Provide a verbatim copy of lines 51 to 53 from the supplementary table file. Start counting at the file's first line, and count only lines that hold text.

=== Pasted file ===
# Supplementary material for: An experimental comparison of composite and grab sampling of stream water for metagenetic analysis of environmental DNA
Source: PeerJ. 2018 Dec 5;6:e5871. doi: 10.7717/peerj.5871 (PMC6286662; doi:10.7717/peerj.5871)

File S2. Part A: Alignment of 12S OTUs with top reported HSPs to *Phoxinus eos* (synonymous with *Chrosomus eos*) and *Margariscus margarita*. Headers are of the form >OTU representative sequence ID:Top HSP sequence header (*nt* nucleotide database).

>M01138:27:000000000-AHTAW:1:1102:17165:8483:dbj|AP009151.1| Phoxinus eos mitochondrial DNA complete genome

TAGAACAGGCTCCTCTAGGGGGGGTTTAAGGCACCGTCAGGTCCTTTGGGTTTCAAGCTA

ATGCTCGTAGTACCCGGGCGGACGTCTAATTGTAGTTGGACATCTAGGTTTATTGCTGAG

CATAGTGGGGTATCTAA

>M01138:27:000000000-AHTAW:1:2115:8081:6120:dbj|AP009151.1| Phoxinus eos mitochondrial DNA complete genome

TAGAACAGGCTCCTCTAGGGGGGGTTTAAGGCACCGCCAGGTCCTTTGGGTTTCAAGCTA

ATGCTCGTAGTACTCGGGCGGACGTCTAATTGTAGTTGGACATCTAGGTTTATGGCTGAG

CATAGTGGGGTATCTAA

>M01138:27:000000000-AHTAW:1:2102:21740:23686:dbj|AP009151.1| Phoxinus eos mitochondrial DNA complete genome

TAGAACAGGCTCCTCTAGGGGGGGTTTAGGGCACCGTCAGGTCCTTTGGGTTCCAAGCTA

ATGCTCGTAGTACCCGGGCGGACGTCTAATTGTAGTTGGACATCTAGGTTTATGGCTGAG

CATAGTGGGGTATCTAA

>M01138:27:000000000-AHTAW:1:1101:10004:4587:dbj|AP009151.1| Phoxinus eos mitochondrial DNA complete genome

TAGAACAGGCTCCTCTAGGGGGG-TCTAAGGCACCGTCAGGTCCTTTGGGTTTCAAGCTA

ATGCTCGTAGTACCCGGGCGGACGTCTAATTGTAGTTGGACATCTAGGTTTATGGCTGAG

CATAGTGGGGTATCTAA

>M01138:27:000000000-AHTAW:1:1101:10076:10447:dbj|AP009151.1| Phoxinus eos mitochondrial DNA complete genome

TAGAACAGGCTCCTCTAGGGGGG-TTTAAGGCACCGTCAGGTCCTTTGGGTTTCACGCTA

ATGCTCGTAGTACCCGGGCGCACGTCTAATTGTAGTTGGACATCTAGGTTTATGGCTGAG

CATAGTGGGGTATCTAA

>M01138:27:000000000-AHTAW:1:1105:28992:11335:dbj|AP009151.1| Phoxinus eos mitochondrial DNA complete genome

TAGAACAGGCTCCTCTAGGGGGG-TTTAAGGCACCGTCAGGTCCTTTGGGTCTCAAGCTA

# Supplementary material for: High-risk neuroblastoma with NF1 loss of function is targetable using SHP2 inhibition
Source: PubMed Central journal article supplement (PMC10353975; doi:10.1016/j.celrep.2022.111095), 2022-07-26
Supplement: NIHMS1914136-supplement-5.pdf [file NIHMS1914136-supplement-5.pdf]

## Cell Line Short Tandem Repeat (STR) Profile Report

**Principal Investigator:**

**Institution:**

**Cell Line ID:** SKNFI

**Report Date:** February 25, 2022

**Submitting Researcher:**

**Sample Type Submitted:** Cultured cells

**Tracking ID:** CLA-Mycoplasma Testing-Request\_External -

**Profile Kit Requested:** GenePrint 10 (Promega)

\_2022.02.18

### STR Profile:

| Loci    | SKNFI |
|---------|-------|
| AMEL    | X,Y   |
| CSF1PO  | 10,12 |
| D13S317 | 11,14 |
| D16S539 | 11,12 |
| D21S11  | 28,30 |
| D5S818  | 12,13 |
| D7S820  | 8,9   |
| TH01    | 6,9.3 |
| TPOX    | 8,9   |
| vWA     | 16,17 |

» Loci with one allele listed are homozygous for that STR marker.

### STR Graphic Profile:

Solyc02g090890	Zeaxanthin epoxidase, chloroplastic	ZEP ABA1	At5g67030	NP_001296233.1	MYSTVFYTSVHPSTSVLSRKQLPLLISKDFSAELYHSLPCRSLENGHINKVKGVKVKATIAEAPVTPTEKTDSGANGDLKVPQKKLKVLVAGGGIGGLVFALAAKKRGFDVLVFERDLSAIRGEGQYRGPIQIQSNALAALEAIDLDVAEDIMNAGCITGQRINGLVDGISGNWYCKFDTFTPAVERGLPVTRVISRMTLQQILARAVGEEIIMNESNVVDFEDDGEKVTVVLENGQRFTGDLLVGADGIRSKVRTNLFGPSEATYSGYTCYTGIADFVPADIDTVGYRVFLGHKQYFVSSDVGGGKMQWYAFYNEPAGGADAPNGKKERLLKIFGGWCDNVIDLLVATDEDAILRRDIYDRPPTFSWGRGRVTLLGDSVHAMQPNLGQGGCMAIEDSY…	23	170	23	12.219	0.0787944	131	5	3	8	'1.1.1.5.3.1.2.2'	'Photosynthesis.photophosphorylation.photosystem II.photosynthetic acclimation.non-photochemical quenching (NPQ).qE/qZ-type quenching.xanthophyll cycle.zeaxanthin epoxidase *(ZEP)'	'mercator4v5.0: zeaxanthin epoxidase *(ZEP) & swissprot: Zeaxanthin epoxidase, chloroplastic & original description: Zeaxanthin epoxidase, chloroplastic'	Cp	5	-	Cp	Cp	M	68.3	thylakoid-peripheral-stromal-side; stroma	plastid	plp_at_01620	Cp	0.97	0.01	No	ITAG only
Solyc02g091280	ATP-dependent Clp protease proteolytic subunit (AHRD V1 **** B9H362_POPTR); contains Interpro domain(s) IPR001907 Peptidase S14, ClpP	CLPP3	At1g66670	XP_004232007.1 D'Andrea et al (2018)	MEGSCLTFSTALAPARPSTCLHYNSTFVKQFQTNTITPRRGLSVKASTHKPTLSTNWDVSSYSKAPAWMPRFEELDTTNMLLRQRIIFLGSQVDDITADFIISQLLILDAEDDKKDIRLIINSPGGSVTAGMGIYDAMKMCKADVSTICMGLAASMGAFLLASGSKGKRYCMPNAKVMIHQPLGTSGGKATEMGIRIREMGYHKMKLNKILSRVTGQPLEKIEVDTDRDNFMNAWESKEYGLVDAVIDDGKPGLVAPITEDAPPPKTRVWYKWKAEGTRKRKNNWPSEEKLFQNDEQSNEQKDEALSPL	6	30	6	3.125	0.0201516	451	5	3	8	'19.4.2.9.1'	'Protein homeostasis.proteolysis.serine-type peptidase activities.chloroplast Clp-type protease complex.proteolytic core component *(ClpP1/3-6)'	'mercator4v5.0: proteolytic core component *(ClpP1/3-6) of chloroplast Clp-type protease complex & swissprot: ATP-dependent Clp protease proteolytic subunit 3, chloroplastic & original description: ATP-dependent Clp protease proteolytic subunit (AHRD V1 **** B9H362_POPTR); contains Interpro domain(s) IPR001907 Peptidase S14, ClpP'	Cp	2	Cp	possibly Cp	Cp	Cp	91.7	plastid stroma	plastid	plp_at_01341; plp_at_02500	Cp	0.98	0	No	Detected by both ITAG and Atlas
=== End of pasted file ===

| vWA     | 16,17 |

» Loci with one allele listed are homozygous for that STR marker.

### STR Graphic Profile: